FAQs - Twixt Aire and Calder



Q. How did this website come about?

A. This digital archive, which includes contributions from local groups and individuals as well as the library service, illustrates the diversity of life In Wakefield District through time. By sharing this collective experience through historic collections, individuals and communities can learn, grow and contribute to shaping their own future and the future of their city, town or village. There is a rich, diverse and never ending story to record about the Wakefield District. This online archive was first conceived back in 1995 and brought to life in 2003, it continues to educate, inspire and entertain visitors from all over the world.

Major project milestones:

1995 - first discussion of project at Library team meeting

1998 - first stage of grant application submitted to New Opportunities Fund

2001 - second stage of grant application submitted to New Opportunities Fund

2002 - January - grant received from New Opportunities Fund

2002 - April - Project equipment installed at Library Headquarters

2002 - June - Project Coordinator appointed

2002 - September - scanning and indexing of images begins

2003 - March - Project website officially launched

2013 – 'Twixt celebrates its 10th Birthday

Present – Twixt continues to be a popular site with many returning visitors across the world.

Q. What is Wakefield District's historic heritage?

A. The medieval market town of Wakefield is superbly documented in its well preserved set of administrative manuscripts, the Manor Court Rolls and became a city in 1888 at the height of its powers as a thriving inland cloth and grain port. It is still the 'County town' of West Yorkshire, hosting fine Victorian County and Town Halls. The Chantry Chapel of St Mary on Wakefield Bridge is one of the last surviving Medieval bridge chantries, and Wakefield Cathedral, which dates back to pre-Norman times has the highest spire in Yorkshire. Other notable buildings include a restored Elizabethan schoolroom and the Tammy Hall, where finished cloth products or 'tammy' were traded.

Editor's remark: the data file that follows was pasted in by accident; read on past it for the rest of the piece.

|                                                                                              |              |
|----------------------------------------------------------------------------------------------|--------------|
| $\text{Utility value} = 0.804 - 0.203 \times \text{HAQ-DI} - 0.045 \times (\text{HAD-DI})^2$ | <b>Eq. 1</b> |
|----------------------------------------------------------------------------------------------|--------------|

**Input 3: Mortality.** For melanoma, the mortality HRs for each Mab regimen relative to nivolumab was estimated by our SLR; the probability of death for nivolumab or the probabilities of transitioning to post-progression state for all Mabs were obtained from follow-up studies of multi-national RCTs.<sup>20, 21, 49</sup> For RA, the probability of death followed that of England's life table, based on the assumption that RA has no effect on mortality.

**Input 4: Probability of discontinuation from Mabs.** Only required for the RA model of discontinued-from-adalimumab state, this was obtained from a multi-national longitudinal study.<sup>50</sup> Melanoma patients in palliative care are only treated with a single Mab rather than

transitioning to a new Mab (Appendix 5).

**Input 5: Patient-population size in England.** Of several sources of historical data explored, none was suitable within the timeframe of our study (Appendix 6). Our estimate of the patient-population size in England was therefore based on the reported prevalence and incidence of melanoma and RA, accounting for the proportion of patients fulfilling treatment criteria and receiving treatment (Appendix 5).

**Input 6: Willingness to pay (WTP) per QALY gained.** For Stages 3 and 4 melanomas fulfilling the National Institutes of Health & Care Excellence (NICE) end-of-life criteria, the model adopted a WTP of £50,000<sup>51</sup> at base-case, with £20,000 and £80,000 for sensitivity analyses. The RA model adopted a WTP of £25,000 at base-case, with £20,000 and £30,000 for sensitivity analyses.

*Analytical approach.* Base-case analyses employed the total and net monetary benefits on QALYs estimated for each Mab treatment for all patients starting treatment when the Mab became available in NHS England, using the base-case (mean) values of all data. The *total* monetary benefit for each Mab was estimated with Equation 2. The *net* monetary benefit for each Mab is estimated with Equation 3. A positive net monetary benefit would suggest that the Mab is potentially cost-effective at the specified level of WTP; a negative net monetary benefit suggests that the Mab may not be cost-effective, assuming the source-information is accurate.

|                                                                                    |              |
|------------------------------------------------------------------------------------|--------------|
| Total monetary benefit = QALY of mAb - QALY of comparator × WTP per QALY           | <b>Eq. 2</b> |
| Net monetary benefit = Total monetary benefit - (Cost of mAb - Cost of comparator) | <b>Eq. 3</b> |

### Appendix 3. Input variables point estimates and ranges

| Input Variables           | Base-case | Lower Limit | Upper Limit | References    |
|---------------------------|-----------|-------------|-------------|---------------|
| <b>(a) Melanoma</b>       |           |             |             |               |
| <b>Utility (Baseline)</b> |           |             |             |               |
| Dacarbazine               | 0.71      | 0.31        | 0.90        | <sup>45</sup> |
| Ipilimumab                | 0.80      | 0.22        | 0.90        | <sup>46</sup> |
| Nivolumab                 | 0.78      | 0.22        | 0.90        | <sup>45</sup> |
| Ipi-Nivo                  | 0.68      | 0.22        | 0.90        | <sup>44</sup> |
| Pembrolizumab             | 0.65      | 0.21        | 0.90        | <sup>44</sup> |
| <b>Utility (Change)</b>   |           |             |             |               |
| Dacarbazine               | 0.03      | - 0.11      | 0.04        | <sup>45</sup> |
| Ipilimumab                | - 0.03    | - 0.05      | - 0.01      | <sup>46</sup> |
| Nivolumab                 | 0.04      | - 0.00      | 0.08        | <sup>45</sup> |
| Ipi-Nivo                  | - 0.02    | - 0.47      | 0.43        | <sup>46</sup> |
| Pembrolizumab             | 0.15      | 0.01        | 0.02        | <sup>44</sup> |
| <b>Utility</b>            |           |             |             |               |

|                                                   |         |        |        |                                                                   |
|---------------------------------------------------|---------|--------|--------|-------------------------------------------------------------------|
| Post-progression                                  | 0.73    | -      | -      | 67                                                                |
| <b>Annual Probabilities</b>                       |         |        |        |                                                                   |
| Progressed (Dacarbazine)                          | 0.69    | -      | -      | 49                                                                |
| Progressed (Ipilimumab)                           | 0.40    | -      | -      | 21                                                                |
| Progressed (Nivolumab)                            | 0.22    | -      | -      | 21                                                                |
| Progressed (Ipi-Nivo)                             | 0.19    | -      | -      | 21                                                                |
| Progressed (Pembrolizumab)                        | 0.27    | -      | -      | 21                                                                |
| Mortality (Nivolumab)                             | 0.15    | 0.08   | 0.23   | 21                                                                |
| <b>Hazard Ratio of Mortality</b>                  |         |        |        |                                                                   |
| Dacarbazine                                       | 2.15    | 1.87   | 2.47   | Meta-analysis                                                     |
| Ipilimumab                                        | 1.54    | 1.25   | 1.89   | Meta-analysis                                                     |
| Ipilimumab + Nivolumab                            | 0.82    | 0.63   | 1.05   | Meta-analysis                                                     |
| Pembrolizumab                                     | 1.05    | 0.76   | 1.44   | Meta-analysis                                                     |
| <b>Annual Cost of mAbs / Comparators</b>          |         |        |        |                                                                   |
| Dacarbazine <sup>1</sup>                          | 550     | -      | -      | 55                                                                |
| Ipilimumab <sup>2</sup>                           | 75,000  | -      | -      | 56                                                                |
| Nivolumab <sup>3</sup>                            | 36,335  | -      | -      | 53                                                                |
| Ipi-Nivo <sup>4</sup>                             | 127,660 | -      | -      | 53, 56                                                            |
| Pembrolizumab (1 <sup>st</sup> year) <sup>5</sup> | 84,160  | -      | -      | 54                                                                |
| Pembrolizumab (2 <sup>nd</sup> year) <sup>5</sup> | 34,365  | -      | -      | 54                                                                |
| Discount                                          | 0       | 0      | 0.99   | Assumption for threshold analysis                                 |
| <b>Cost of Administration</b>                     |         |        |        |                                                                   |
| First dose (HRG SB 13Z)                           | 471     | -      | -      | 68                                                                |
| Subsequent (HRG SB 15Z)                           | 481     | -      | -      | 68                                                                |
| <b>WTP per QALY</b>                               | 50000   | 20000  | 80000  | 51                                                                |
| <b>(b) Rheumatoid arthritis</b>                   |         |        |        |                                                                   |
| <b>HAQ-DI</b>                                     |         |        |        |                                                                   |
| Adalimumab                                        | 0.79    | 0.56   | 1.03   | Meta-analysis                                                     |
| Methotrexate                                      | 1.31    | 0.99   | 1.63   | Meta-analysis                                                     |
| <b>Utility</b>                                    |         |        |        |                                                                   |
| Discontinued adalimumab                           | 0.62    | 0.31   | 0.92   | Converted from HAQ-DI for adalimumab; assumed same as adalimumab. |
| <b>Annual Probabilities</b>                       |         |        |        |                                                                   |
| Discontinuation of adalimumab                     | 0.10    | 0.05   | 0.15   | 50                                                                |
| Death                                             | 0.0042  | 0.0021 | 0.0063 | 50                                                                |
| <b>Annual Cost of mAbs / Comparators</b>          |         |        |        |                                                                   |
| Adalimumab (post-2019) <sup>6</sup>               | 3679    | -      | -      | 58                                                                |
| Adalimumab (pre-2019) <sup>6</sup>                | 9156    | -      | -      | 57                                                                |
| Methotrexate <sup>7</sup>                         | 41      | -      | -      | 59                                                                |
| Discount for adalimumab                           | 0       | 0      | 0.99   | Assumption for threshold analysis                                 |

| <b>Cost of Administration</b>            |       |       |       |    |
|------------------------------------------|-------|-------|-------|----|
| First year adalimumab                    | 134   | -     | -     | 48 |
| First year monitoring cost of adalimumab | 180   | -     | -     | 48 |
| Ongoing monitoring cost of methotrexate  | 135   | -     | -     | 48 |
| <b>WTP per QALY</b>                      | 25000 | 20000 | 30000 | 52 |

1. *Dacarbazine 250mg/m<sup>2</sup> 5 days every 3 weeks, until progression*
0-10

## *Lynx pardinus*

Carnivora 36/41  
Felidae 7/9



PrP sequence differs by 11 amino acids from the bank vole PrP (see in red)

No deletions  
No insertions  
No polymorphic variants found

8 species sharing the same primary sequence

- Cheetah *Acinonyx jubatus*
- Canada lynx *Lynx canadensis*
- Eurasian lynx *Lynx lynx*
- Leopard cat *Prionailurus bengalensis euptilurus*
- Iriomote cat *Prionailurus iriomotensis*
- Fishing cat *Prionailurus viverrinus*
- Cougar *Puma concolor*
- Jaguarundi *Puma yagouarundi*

In terms of art and culture, Wakefield's Theatre Royal and Opera House was created by the distinguished theatre designer Frank Matcham (1854-1920) in 1894, and Wakefield's famous offspring have included sculptress Dame Barbara Hepworth, for whom the local art gallery was named, and novelist George Gissing. Wakefield and District is also known for its tradition of Rugby League and for being inside 'The Rhubarb Triangle' a small, yet peculiarly fertile area of agricultural land, which is particularly suited to large-scale production of this tasty pink-coloured vegetable crop.

Wakefield also gave rise to one of Britain's best loved nursery rhymes, 'Here we go round the Mulberry Bush': the 'Bush' from this rhyme was and still is situated within the walls of Wakefield Prison's exercise yard. Wakefield's reputed connection to the tales of Robin Hood stem from George-a-Green, the Pinder of Wakefield, who at first fought with Robin but then joined him and became one of his 'Merry Men'.